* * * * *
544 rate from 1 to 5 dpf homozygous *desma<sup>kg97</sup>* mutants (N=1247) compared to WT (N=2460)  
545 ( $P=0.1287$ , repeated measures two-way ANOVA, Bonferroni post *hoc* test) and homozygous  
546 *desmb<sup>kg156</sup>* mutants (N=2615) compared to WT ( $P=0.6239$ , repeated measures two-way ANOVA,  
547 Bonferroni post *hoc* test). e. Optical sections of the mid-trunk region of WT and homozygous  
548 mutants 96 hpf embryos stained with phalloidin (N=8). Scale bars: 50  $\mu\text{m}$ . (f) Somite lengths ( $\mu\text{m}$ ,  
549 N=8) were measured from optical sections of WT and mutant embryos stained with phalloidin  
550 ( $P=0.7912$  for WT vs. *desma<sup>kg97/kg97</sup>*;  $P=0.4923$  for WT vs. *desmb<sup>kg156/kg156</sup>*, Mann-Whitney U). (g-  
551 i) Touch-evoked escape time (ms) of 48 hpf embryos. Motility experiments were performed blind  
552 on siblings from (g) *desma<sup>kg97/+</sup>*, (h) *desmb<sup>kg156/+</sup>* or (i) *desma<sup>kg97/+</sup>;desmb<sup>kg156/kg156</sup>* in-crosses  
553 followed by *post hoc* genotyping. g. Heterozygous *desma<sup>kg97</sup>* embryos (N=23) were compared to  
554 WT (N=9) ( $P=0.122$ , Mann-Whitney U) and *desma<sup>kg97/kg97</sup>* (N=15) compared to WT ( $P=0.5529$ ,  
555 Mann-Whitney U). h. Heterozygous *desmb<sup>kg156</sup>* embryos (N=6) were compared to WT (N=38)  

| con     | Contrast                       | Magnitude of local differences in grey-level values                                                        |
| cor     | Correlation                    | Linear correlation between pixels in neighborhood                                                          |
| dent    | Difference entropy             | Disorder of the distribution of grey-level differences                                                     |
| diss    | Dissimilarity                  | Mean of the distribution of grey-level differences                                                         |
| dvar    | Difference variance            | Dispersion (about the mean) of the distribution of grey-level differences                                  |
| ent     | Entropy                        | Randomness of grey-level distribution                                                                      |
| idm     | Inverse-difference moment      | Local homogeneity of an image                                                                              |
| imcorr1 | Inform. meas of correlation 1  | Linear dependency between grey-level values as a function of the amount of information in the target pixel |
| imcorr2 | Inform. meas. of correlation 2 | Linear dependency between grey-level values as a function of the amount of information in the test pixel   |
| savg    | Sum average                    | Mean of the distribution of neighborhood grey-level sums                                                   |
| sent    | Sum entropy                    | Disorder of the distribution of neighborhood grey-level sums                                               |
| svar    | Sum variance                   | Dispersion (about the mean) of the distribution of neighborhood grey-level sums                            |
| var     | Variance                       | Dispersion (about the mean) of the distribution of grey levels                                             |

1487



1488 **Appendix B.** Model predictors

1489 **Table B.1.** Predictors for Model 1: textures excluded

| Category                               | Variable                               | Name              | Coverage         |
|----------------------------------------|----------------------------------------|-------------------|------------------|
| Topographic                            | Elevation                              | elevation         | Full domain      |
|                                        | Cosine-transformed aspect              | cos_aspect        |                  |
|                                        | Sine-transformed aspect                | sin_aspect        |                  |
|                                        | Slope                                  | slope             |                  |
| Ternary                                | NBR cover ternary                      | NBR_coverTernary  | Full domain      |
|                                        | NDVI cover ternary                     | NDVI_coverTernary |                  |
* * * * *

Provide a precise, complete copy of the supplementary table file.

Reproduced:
544 rate from 1 to 5 dpf homozygous *desma<sup>kg97</sup>* mutants (N=1247) compared to WT (N=2460)  
545 ( $P=0.1287$ , repeated measures two-way ANOVA, Bonferroni post *hoc* test) and homozygous  
546 *desmb<sup>kg156</sup>* mutants (N=2615) compared to WT ( $P=0.6239$ , repeated measures two-way ANOVA,  
547 Bonferroni post *hoc* test). e. Optical sections of the mid-trunk region of WT and homozygous  
548 mutants 96 hpf embryos stained with phalloidin (N=8). Scale bars: 50  $\mu\text{m}$ . (f) Somite lengths ( $\mu\text{m}$ ,  
549 N=8) were measured from optical sections of WT and mutant embryos stained with phalloidin  
550 ( $P=0.7912$  for WT vs. *desma<sup>kg97/kg97</sup>*;  $P=0.4923$  for WT vs. *desmb<sup>kg156/kg156</sup>*, Mann-Whitney U). (g-  
551 i) Touch-evoked escape time (ms) of 48 hpf embryos. Motility experiments were performed blind  
552 on siblings from (g) *desma<sup>kg97/+</sup>*, (h) *desmb<sup>kg156/+</sup>* or (i) *desma<sup>kg97/+</sup>;desmb<sup>kg156/kg156</sup>* in-crosses  
553 followed by *post hoc* genotyping. g. Heterozygous *desma<sup>kg97</sup>* embryos (N=23) were compared to  
554 WT (N=9) ( $P=0.122$ , Mann-Whitney U) and *desma<sup>kg97/kg97</sup>* (N=15) compared to WT ( $P=0.5529$ ,  
555 Mann-Whitney U). h. Heterozygous *desmb<sup>kg156</sup>* embryos (N=6) were compared to WT (N=38)  

| con     | Contrast                       | Magnitude of local differences in grey-level values                                                        |
| cor     | Correlation                    | Linear correlation between pixels in neighborhood                                                          |
| dent    | Difference entropy             | Disorder of the distribution of grey-level differences                                                     |
| diss    | Dissimilarity                  | Mean of the distribution of grey-level differences                                                         |
| dvar    | Difference variance            | Dispersion (about the mean) of the distribution of grey-level differences                                  |
| ent     | Entropy                        | Randomness of grey-level distribution                                                                      |
| idm     | Inverse-difference moment      | Local homogeneity of an image                                                                              |
| imcorr1 | Inform. meas of correlation 1  | Linear dependency between grey-level values as a function of the amount of information in the target pixel |
| imcorr2 | Inform. meas. of correlation 2 | Linear dependency between grey-level values as a function of the amount of information in the test pixel   |
| savg    | Sum average                    | Mean of the distribution of neighborhood grey-level sums                                                   |
| sent    | Sum entropy                    | Disorder of the distribution of neighborhood grey-level sums                                               |
| svar    | Sum variance                   | Dispersion (about the mean) of the distribution of neighborhood grey-level sums                            |
| var     | Variance                       | Dispersion (about the mean) of the distribution of grey levels                                             |

1487



1488 **Appendix B.** Model predictors

1489 **Table B.1.** Predictors for Model 1: textures excluded

| Category                               | Variable                               | Name              | Coverage         |
|----------------------------------------|----------------------------------------|-------------------|------------------|
| Topographic                            | Elevation                              | elevation         | Full domain      |
|                                        | Cosine-transformed aspect              | cos_aspect        |                  |
|                                        | Sine-transformed aspect                | sin_aspect        |                  |
|                                        | Slope                                  | slope             |                  |
| Ternary                                | NBR cover ternary                      | NBR_coverTernary  | Full domain      |
|                                        | NDVI cover ternary                     | NDVI_coverTernary |                  |